When the O.S.s leave, Theodore goes to Amy, who is equally bereft from the loss of her O.S. Only through Samantha’s ending does Theodore have a tangible beginning to his own life: he writes a letter to Catherine, apologizing for his emotional distance, and he sits on the rooftop of his building taking in the city in a way he never has before. Theodore is seeing life without technology and there is a weighty potential for him to be truly happy once more in the company of another person.

Living The Armstrong Lie

As a teenager, I remember being in the thick of Armstrong-mania. Everyone at school wore the bright yellow Livestrong bracelets and passionately believed in the miraculous abilities of this cancer surviving cyclist. Then, to accuse Lance Armstrong of cheating was blasphemy. Now, Alex Gibney tackles the truth with his latest documentary, The Armstrong Lie (2013).

Gibney’s documentary began in 2009 as a project on Armstrong’s supposedly triumphant return to cycling after a four-year retirement. The piece was also meant to give an inside look into how clean a rider Armstrong was in order to finally dispel the fog of cheating accusations. But Gibney’s original piece was derailed after the legendary cyclist merely finished third. Fast-forward to the now infamous 2013 interview with Oprah Winfrey, where Armstrong confessed to using performance enhancers and blood doping to win his seven Tour de France trophies. Gibney then re-engaged with his forgotten subject as he felt he deserved the truth, and thus The Armstrong Lie was created.
The film successfully balances insider and popular opinions. Interviews with journalists like David Walsh—one of Armstrong’s biggest detractors—and former teammates George Hincapie and Frankie Andreu, peel back the layers of the cyclist’s myth. While the mixed-media elements of the documentary give a glimpse of the outside world’s perspective. Through both lenses, Armstrong is revealed as an intimidating figure in the cycling world, who ruled with fear and physical power. The all-consuming legend of a brave cancer survivor beating the odds deteriorates under the viewer’s eye.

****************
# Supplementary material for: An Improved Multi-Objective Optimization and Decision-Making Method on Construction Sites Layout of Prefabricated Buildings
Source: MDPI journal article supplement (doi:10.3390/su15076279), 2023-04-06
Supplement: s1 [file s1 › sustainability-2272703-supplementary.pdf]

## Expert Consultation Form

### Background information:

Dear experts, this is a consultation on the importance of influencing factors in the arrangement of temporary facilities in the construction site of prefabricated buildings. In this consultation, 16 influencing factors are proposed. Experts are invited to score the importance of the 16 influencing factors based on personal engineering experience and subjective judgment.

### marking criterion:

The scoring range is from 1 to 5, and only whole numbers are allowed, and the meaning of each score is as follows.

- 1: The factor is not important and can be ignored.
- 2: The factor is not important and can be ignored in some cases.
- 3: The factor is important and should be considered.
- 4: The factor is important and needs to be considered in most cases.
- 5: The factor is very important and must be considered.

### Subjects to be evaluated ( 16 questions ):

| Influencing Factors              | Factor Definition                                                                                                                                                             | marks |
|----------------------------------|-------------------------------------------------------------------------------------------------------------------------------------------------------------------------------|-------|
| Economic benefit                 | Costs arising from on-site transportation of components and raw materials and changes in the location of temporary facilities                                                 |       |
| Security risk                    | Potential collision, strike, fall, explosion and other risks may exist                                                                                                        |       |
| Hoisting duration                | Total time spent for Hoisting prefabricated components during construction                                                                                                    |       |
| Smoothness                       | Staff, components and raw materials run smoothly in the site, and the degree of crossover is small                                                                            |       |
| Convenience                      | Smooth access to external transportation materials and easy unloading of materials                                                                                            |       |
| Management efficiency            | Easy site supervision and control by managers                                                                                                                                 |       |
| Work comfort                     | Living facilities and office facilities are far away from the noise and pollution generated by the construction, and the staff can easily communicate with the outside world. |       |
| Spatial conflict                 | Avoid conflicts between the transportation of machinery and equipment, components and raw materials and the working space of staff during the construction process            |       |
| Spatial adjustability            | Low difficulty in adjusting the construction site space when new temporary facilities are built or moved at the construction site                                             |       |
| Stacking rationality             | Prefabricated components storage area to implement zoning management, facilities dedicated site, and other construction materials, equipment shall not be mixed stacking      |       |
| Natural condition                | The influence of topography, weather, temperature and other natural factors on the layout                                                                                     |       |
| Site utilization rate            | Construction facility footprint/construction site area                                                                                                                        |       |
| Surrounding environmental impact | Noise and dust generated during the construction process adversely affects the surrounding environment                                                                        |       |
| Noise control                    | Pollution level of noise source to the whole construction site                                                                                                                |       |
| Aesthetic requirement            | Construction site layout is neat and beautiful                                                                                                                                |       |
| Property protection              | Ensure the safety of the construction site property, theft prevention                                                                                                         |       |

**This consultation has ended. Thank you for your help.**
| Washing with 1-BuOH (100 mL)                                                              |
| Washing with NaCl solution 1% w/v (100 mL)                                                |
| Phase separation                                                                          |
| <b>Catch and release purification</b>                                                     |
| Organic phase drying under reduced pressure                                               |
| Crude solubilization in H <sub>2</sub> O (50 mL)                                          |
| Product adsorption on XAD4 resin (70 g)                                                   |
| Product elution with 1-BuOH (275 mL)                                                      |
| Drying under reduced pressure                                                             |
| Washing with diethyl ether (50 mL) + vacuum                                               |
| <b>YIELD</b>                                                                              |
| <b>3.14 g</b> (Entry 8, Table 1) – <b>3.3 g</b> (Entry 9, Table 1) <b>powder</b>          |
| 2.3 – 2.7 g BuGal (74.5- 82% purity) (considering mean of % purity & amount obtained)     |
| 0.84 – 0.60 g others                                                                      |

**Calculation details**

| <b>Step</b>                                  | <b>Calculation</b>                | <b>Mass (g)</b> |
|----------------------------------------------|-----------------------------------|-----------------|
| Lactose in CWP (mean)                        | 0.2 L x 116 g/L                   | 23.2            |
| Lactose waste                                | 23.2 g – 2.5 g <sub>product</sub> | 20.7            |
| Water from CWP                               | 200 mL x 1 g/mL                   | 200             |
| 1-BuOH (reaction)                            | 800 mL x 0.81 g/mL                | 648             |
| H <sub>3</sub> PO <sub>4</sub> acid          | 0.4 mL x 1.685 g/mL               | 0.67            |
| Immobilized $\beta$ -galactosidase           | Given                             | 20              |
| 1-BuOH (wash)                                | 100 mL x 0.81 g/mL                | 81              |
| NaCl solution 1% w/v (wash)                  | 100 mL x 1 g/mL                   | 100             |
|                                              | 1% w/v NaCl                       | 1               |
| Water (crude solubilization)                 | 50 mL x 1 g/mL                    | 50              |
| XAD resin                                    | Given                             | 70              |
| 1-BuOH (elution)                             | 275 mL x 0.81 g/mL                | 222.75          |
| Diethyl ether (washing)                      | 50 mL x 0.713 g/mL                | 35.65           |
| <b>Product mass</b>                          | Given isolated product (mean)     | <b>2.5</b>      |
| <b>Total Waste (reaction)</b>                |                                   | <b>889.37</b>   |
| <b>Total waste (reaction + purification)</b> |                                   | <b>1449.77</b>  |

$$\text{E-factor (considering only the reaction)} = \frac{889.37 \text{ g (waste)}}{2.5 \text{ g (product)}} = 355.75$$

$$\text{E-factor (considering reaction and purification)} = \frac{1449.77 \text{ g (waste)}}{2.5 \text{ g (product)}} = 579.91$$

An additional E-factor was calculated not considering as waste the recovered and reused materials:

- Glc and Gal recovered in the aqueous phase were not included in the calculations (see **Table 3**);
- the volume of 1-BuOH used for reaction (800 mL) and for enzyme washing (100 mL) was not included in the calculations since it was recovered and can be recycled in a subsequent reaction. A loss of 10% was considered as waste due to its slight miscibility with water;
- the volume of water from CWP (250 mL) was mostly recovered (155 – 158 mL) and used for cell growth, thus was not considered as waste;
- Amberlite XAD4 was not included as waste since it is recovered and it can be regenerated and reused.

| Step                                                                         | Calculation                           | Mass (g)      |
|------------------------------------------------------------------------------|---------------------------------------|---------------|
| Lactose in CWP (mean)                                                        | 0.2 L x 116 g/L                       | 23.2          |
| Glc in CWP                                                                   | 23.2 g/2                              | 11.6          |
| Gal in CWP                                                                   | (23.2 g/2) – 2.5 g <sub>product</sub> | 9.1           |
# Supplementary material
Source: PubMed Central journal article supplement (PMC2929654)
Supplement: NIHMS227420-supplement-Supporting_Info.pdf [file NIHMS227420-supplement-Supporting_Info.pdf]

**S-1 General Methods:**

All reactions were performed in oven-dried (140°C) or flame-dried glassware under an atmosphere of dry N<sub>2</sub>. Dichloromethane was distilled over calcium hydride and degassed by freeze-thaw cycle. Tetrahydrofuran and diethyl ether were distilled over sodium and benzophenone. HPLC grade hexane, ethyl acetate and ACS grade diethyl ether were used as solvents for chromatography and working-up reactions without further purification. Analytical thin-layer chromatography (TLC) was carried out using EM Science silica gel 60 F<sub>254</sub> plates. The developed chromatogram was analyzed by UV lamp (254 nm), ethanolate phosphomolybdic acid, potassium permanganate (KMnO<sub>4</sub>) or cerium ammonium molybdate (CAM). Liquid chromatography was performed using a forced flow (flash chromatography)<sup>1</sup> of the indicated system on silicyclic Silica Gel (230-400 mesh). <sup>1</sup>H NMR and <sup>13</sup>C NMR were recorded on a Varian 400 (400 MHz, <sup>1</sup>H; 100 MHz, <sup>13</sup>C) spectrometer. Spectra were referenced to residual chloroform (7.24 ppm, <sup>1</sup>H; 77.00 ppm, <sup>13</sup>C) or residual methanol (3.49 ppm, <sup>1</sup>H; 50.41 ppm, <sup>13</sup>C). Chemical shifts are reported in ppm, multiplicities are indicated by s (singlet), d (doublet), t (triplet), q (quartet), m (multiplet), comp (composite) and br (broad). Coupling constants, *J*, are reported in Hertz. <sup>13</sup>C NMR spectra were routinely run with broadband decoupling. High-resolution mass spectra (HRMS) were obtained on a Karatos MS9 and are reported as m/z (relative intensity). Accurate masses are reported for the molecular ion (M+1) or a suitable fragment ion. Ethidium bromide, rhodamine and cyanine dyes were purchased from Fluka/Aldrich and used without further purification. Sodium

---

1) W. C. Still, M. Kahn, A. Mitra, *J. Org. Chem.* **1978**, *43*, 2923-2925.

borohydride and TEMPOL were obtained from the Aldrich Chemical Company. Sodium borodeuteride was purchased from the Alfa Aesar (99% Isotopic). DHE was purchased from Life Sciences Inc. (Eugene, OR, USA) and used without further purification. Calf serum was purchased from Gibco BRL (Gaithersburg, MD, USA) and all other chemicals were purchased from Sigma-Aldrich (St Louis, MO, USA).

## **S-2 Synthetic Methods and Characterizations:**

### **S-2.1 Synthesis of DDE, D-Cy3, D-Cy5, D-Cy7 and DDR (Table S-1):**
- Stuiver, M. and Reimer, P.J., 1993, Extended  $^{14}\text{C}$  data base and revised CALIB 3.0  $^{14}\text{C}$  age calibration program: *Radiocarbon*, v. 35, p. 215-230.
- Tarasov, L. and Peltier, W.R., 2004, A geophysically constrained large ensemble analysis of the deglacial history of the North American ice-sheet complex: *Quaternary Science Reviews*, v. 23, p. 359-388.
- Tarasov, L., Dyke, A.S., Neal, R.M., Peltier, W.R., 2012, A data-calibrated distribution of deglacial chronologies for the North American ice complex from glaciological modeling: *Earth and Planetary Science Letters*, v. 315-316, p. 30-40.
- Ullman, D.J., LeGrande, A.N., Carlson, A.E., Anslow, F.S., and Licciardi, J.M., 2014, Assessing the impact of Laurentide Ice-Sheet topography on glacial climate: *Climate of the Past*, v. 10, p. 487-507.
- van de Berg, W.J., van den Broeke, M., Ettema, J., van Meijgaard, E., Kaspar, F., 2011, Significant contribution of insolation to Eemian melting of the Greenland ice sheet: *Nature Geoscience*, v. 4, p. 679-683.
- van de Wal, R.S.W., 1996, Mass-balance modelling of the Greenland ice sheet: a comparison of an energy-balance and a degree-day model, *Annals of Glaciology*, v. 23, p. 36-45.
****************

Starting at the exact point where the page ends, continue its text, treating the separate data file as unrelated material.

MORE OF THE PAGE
The Armstrong Lie is a study in hubris. The overweening arrogance of Armstrong and his “urge to dominate” as he puts it, is in every level of the documentary. Even in the footage from 2009 when his lie was secure, Armstrong appears steely eyed and determined with a touch of psychosis. Eventually, Armstrong makes the statement that his deception was a lesser evil because he told only one lie instead of several.

For a man who has unearthed the gritty realities behind the facades of those such as Elliot Spitzer and the Enron executives, being lied to by Lance Armstrong was a smack in the face for Alex Gibney. There is a palpable aggression or bitterness to Gibney’s interjections in the film, as if to say, “but he lied to me.” The personal aspect of the film has skewed the famed documentarian’s objectivity, which resulted in an overlong narrative and sloppy investigation.

For example, though much of the documentary centers on the Tour de France, the specifics of the race are vague. The film also introduces terms such as omertà but fails to provide the definition in full, only implying a code of silence. Gibney also glosses over Armstrong’s relationship with singer, Sheryl Crow, mentioning her briefly when their romance was a significant part of Armstrong’s life and public appeal at the height of his fame. Such gaps give the feeling of an incomplete story.

Gibney vacillates between betrayed narrator and wistful fan. In a way, The Armstrong Lie is Gibney’s story as much if not more-so than Lance Armstrong’s since the film seems to argue that the athlete and his lies belong to the people and not the person. While Gibney offers a compelling narrative for a generation of confused fans, the film itself is rather conflicted about how to feel.